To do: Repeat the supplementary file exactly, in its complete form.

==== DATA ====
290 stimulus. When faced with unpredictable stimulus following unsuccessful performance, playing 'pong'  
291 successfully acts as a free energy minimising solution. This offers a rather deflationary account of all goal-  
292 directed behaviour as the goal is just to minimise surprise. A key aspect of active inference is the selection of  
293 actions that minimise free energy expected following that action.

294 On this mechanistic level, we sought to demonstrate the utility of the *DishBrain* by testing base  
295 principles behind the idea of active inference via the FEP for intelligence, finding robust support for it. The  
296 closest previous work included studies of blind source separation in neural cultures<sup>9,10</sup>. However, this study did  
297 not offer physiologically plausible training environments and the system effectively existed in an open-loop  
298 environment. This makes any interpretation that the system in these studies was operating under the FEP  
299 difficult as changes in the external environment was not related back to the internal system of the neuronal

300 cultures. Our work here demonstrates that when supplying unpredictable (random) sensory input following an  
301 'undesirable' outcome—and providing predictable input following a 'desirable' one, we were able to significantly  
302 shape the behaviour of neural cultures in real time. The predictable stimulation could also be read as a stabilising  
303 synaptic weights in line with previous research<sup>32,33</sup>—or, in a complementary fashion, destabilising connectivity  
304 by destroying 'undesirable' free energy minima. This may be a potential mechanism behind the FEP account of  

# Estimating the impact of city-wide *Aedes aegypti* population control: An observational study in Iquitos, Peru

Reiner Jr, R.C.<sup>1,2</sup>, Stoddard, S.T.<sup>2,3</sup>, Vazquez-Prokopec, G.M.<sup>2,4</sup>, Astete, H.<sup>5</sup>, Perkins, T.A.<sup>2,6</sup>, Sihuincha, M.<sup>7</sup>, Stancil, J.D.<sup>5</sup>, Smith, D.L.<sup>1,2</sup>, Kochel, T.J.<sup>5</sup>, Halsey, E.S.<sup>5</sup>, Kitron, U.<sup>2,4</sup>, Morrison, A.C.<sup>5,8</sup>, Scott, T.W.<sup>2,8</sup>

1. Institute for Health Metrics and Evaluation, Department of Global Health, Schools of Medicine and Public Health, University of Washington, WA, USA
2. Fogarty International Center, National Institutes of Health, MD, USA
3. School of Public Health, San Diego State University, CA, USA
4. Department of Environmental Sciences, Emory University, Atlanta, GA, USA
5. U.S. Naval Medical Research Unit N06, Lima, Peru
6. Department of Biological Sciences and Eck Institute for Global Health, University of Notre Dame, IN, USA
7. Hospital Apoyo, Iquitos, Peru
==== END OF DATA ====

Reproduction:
290 stimulus. When faced with unpredictable stimulus following unsuccessful performance, playing 'pong'  
291 successfully acts as a free energy minimising solution. This offers a rather deflationary account of all goal-  
292 directed behaviour as the goal is just to minimise surprise. A key aspect of active inference is the selection of  
293 actions that minimise free energy expected following that action.

294 On this mechanistic level, we sought to demonstrate the utility of the *DishBrain* by testing base  
295 principles behind the idea of active inference via the FEP for intelligence, finding robust support for it. The  
296 closest previous work included studies of blind source separation in neural cultures<sup>9,10</sup>. However, this study did  
297 not offer physiologically plausible training environments and the system effectively existed in an open-loop  
298 environment. This makes any interpretation that the system in these studies was operating under the FEP  
299 difficult as changes in the external environment was not related back to the internal system of the neuronal

300 cultures. Our work here demonstrates that when supplying unpredictable (random) sensory input following an  
301 'undesirable' outcome—and providing predictable input following a 'desirable' one, we were able to significantly  
302 shape the behaviour of neural cultures in real time. The predictable stimulation could also be read as a stabilising  
303 synaptic weights in line with previous research<sup>32,33</sup>—or, in a complementary fashion, destabilising connectivity  
304 by destroying 'undesirable' free energy minima. This may be a potential mechanism behind the FEP account of  

# Estimating the impact of city-wide *Aedes aegypti* population control: An observational study in Iquitos, Peru

Reiner Jr, R.C.<sup>1,2</sup>, Stoddard, S.T.<sup>2,3</sup>, Vazquez-Prokopec, G.M.<sup>2,4</sup>, Astete, H.<sup>5</sup>, Perkins, T.A.<sup>2,6</sup>, Sihuincha, M.<sup>7</sup>, Stancil, J.D.<sup>5</sup>, Smith, D.L.<sup>1,2</sup>, Kochel, T.J.<sup>5</sup>, Halsey, E.S.<sup>5</sup>, Kitron, U.<sup>2,4</sup>, Morrison, A.C.<sup>5,8</sup>, Scott, T.W.<sup>2,8</sup>

1. Institute for Health Metrics and Evaluation, Department of Global Health, Schools of Medicine and Public Health, University of Washington, WA, USA
2. Fogarty International Center, National Institutes of Health, MD, USA
3. School of Public Health, San Diego State University, CA, USA
4. Department of Environmental Sciences, Emory University, Atlanta, GA, USA
5. U.S. Naval Medical Research Unit N06, Lima, Peru
6. Department of Biological Sciences and Eck Institute for Global Health, University of Notre Dame, IN, USA
7. Hospital Apoyo, Iquitos, Peru